This week I’ve been thinking about a talk I’ll be giving in July on Plato and democracy. Why does Plato think that democracy tends towards tyranny? Should we be afraid he might be right? In previous talks on this topic I told Plato’s story how a democracy can change into a tyranny, with disturbing parallels to recent US events. I explained the weaknesses Plato finds in democracy and asked whether the significant differences between Athenian and American democracy mean that we should not worry. (Spoiler alert: we should.) Those talks provoked good discussion. Now I want to do something more.
The discussion of the degeneration of the city into a tyranny forms only a small piece in The Republic’s larger argument. He adds a long discussion of the parallel between the interacting classes within a city and the distinctive drives and functions within an individual’s personality. Plato talks about the aristocratic, democratic, and tyrannical “souls”. Different community structures produce and are produced by different kinds of individuals. Plato argues for harmonious rational leadership in both domains.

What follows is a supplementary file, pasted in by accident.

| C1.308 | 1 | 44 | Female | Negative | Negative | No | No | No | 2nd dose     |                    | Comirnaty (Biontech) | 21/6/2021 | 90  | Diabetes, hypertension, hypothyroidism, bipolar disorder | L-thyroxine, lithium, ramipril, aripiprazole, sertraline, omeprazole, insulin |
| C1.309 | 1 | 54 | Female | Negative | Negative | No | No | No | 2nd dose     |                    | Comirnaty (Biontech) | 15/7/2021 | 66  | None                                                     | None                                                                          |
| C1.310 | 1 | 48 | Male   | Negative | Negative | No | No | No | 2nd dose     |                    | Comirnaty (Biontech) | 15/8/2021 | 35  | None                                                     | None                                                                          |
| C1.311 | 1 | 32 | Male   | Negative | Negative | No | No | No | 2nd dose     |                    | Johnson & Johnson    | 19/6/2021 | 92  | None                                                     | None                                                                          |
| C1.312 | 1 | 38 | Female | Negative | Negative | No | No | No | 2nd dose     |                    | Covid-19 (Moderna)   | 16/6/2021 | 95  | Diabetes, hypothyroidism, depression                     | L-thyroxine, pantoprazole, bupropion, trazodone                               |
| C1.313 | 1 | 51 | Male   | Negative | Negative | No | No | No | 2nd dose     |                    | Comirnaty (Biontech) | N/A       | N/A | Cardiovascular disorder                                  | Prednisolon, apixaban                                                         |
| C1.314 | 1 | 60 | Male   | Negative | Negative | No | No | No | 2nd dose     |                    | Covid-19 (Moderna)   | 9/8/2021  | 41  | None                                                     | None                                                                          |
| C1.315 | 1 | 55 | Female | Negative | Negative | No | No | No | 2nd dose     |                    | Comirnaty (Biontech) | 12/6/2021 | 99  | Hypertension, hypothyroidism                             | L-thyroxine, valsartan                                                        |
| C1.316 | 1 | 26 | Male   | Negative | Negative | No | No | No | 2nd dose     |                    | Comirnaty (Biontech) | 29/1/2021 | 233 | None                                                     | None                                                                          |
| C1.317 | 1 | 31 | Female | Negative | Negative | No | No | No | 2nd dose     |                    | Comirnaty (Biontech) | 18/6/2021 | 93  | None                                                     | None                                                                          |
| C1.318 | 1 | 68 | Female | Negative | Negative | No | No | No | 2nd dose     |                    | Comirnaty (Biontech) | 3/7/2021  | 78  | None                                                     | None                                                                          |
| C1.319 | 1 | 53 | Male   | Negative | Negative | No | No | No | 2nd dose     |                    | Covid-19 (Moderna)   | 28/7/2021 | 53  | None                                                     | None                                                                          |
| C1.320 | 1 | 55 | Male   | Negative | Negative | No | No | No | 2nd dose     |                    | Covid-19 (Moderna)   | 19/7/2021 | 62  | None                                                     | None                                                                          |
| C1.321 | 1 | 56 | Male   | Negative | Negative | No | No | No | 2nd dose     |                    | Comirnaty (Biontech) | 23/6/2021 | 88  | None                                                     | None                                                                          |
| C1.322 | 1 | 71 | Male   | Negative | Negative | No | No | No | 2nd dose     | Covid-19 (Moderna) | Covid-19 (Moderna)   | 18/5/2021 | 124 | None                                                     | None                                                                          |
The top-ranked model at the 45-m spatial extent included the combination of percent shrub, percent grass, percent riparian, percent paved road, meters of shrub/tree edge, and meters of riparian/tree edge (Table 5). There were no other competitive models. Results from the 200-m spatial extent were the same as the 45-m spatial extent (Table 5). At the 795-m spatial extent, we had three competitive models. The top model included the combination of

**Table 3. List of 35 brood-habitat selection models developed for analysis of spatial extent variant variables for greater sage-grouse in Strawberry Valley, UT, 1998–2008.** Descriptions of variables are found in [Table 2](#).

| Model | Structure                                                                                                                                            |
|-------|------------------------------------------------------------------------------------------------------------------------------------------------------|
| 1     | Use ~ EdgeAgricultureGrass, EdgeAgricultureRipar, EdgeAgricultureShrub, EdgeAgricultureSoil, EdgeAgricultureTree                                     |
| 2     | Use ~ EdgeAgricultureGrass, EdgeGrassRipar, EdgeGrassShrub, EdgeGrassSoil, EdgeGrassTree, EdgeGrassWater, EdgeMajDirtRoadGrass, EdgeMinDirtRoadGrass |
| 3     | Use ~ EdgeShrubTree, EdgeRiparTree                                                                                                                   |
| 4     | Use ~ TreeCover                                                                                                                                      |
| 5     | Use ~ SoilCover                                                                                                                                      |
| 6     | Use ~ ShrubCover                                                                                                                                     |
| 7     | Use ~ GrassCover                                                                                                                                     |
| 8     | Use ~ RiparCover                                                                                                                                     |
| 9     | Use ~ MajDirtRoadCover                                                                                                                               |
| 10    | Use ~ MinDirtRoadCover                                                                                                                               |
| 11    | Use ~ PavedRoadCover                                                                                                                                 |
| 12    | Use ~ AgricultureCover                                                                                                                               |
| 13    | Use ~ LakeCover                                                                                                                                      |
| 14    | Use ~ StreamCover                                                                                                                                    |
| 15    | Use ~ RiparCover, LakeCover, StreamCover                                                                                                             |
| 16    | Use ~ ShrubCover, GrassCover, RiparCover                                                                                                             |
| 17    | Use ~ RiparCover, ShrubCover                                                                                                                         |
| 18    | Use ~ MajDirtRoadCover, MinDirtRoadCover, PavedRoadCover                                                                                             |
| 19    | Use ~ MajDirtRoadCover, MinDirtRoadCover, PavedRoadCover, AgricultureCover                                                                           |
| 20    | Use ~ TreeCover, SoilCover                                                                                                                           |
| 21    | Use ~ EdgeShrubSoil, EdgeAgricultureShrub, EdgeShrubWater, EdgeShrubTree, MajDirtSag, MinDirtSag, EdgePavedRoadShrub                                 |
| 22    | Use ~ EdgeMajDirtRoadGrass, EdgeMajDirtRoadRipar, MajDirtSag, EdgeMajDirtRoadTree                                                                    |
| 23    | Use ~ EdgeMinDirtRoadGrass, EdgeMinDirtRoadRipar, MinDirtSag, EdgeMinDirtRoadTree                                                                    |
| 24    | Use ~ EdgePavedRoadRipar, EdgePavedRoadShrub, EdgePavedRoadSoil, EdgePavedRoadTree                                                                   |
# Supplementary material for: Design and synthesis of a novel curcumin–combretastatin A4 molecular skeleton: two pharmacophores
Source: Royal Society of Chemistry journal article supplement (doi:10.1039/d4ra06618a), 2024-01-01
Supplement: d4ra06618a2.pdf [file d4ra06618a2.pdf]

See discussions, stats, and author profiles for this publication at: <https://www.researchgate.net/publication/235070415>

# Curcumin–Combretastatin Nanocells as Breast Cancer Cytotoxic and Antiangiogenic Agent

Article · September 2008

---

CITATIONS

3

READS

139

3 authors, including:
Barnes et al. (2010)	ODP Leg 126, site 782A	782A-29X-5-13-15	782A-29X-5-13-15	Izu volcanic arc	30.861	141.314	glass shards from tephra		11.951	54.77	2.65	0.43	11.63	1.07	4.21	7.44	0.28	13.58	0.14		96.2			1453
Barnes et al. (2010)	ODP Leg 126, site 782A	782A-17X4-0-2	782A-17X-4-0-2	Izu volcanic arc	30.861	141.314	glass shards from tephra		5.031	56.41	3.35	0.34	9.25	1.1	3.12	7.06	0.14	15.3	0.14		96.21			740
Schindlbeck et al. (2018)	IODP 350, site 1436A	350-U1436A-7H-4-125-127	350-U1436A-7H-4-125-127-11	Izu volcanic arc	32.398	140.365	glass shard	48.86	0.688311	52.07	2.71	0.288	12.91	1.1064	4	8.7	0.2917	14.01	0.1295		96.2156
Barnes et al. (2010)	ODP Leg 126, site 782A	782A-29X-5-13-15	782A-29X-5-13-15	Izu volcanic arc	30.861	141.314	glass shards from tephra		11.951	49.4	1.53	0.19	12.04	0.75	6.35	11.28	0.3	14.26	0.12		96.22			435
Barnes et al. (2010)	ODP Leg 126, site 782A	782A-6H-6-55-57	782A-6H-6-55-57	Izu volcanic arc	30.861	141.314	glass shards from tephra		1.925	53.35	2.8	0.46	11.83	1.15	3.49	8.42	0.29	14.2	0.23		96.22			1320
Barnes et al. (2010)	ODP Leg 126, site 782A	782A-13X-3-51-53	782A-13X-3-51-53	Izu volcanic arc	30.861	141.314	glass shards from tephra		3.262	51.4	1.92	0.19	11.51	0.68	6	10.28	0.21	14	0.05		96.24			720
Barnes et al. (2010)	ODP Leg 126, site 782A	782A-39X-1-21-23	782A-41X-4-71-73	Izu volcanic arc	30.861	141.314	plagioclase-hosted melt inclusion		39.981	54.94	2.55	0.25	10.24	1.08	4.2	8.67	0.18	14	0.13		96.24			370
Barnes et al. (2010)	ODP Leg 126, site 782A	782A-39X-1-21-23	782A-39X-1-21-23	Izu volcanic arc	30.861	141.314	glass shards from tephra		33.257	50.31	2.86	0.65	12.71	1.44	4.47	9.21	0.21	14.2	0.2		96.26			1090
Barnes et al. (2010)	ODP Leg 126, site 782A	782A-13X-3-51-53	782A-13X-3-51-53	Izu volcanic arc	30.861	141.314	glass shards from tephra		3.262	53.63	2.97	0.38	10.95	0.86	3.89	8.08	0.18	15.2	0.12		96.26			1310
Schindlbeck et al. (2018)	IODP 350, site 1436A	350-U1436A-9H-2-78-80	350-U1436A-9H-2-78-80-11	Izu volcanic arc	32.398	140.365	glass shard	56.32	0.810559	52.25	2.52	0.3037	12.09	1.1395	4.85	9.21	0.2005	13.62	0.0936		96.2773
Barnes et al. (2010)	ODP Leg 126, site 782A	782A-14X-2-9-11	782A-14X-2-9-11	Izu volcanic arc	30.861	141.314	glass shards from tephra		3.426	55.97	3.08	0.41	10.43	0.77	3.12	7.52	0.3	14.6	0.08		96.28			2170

My new talk will argue that we live in a new society that brings a new kind of personality. I will use the distinction between thinking fast and thinking slow (from Kahneman and Tversky) to fracture the unity of Plato’s rational guardians, and introduce complications stemming from our mass society with different modes of communication than the old Athenian agora and assembly. This should provide a new approach to the question of the “authoritarian personality” and raise the question of democracy and tyranny in a new way. This involves the deep question whether and at what level everyone in a community must ”sing the same song” as Plato says in The Laws. (I’ll have more to say about The Laws in next week’s post in this short series bending Plato to look at our new world.)